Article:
Increase Muscular Hypertrophy
Common frequency: 4 to 6 days
Common split: Full body, upper/lower
Hypertrophy programs are a little higher frequency than pure strength programs, so 4 to 6 training days per week is more common for these types of programs. They are often run as body part or PPL splits.
With that said, hypertrophy programs can also be effectively run as upper/lower splits. An example of this would be the beginner bodybuilding program by Ripped Body.
Common frequency: 5 to 6 days
Common split: Full body
Since weight loss depends on creating a caloric deficit, training programs designed for weight loss goals are often high frequency. This usually means 5 or 6 training days per week. This helps provide more opportunities to burn calories through exercise.
Good examples of this are Jim Stoppani’s Shortcut to Shred (6 days per week) and Kizen Training’s Strength & Fat Loss Program (5 days per week).
Programs designed for weight loss tend to be full-body programs, though they will still rotate movements throughout the week to focus on different principle muscle groups.
Available Time per Week
The amount of time you have available to train each week is an obvious but often-overlooked part of choosing a workout split. It’s important to be honest with yourself when determining how much time you can reliably dedicate to your training routine.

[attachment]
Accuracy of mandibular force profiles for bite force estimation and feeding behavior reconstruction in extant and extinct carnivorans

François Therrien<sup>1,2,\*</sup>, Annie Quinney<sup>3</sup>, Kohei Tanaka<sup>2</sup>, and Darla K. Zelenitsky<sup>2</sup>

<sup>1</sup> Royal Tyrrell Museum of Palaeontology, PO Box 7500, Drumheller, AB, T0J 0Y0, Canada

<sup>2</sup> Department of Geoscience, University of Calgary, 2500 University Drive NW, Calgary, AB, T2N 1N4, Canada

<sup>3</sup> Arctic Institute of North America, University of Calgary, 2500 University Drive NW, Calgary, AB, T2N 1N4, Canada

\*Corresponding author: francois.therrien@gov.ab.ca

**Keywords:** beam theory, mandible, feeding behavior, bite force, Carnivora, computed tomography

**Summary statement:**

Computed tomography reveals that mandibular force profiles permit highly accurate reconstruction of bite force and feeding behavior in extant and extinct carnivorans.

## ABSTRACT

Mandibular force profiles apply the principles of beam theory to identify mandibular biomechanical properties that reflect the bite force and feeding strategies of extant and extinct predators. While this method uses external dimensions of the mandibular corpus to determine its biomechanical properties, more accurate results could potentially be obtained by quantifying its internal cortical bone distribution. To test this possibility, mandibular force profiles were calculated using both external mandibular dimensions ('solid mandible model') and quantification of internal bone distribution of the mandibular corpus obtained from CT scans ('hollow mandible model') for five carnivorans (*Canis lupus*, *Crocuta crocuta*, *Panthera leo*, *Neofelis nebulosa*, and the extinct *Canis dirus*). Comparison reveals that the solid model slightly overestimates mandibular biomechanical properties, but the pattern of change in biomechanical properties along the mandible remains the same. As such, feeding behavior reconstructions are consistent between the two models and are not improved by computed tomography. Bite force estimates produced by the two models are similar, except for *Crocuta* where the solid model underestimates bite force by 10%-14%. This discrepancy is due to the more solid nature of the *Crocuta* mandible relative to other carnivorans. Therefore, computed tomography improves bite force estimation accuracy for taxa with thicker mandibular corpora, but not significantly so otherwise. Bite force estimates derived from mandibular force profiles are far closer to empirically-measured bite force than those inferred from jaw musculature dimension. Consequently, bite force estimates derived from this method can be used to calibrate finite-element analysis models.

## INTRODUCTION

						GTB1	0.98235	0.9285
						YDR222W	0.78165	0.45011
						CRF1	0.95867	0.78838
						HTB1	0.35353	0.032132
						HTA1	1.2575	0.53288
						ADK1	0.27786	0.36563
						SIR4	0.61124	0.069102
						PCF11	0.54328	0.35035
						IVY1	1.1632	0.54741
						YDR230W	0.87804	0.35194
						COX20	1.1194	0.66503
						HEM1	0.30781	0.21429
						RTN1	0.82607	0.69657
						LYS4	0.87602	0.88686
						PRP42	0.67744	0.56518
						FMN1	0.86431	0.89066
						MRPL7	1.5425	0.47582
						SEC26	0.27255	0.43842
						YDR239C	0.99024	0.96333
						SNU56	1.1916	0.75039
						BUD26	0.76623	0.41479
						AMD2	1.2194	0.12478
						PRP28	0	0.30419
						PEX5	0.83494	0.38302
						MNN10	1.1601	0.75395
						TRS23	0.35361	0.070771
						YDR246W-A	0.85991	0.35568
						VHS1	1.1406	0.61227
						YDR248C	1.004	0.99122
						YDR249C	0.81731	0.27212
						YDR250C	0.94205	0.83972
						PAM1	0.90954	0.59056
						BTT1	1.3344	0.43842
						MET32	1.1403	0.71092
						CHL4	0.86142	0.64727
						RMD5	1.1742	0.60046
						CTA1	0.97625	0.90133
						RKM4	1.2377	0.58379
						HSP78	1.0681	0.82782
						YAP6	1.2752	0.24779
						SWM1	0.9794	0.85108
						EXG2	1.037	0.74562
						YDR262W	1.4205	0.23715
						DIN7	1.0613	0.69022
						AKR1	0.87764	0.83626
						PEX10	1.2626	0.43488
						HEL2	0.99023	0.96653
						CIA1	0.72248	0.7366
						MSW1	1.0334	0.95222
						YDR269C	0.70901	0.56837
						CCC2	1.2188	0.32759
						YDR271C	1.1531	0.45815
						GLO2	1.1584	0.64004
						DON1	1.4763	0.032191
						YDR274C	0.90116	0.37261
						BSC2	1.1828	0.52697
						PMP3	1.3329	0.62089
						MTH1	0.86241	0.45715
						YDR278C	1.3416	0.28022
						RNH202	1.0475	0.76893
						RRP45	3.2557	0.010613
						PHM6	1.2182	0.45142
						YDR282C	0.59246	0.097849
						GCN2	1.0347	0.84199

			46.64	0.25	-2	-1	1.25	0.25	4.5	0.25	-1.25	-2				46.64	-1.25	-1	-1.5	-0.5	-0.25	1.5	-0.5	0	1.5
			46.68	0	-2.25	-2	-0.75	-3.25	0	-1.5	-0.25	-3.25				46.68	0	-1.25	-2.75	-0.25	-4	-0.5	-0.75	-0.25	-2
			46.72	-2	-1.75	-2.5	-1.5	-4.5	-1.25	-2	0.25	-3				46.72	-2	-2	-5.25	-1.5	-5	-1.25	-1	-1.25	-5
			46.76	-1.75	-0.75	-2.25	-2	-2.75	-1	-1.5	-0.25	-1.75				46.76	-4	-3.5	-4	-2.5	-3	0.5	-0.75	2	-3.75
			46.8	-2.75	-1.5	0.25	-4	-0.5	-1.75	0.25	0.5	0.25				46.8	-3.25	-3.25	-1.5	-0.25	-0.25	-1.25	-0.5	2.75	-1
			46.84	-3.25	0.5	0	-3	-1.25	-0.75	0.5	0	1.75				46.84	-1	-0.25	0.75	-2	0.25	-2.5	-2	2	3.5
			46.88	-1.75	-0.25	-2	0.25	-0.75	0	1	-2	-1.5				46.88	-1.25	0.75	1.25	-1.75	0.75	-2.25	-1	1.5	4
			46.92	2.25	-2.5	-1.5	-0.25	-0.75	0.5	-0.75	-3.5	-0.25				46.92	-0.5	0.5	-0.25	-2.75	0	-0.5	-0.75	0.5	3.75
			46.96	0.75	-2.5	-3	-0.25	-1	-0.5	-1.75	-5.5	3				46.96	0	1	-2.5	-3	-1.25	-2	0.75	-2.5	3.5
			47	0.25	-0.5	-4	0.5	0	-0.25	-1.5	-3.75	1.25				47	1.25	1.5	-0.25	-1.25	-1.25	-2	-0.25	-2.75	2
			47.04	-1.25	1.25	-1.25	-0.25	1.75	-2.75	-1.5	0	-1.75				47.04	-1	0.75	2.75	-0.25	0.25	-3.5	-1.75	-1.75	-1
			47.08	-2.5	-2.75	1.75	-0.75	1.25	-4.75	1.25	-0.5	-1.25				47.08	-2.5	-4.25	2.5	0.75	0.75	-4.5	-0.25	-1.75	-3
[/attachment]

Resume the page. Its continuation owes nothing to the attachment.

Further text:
It’s better to achieve 100% adherence to a 3 day per week program than to have 80% adherence to a 5 day per week program.
If you’re not sure, start with fewer days per week to get a feel for your availability and commitment levels.
Finally, experience level can help determine training frequency and the type of split.
Generally speaking, beginners require a lower training frequency than intermediate or advanced lifters.
So, for example, if a beginner were choosing between a 4 day program and a 5 day program, they should probably choose the 4 day program. Simply put, beginners don’t need as much stimulus to grow and get stronger.
It’s also a bit simpler to recover from a 3 or 4 day training program vs. a 5 or 6 day training program, improving the novice’s likelihood of success. Rest and recovery is a skill like any other and dialing in the diet and recovery protocol for a 6 day training regimen may prove difficult for the beginner lifter.
Beginners are often recommended to run full body or upper/lower splits, as they are more likely to hit muscle groups twice each week. This is more optimal for increasing strength and building muscle. More advanced lifters may increase or decrease this frequency depending on their individual training goals and capacity to recover.
Types of Workout Splits
The main types of workout splits are: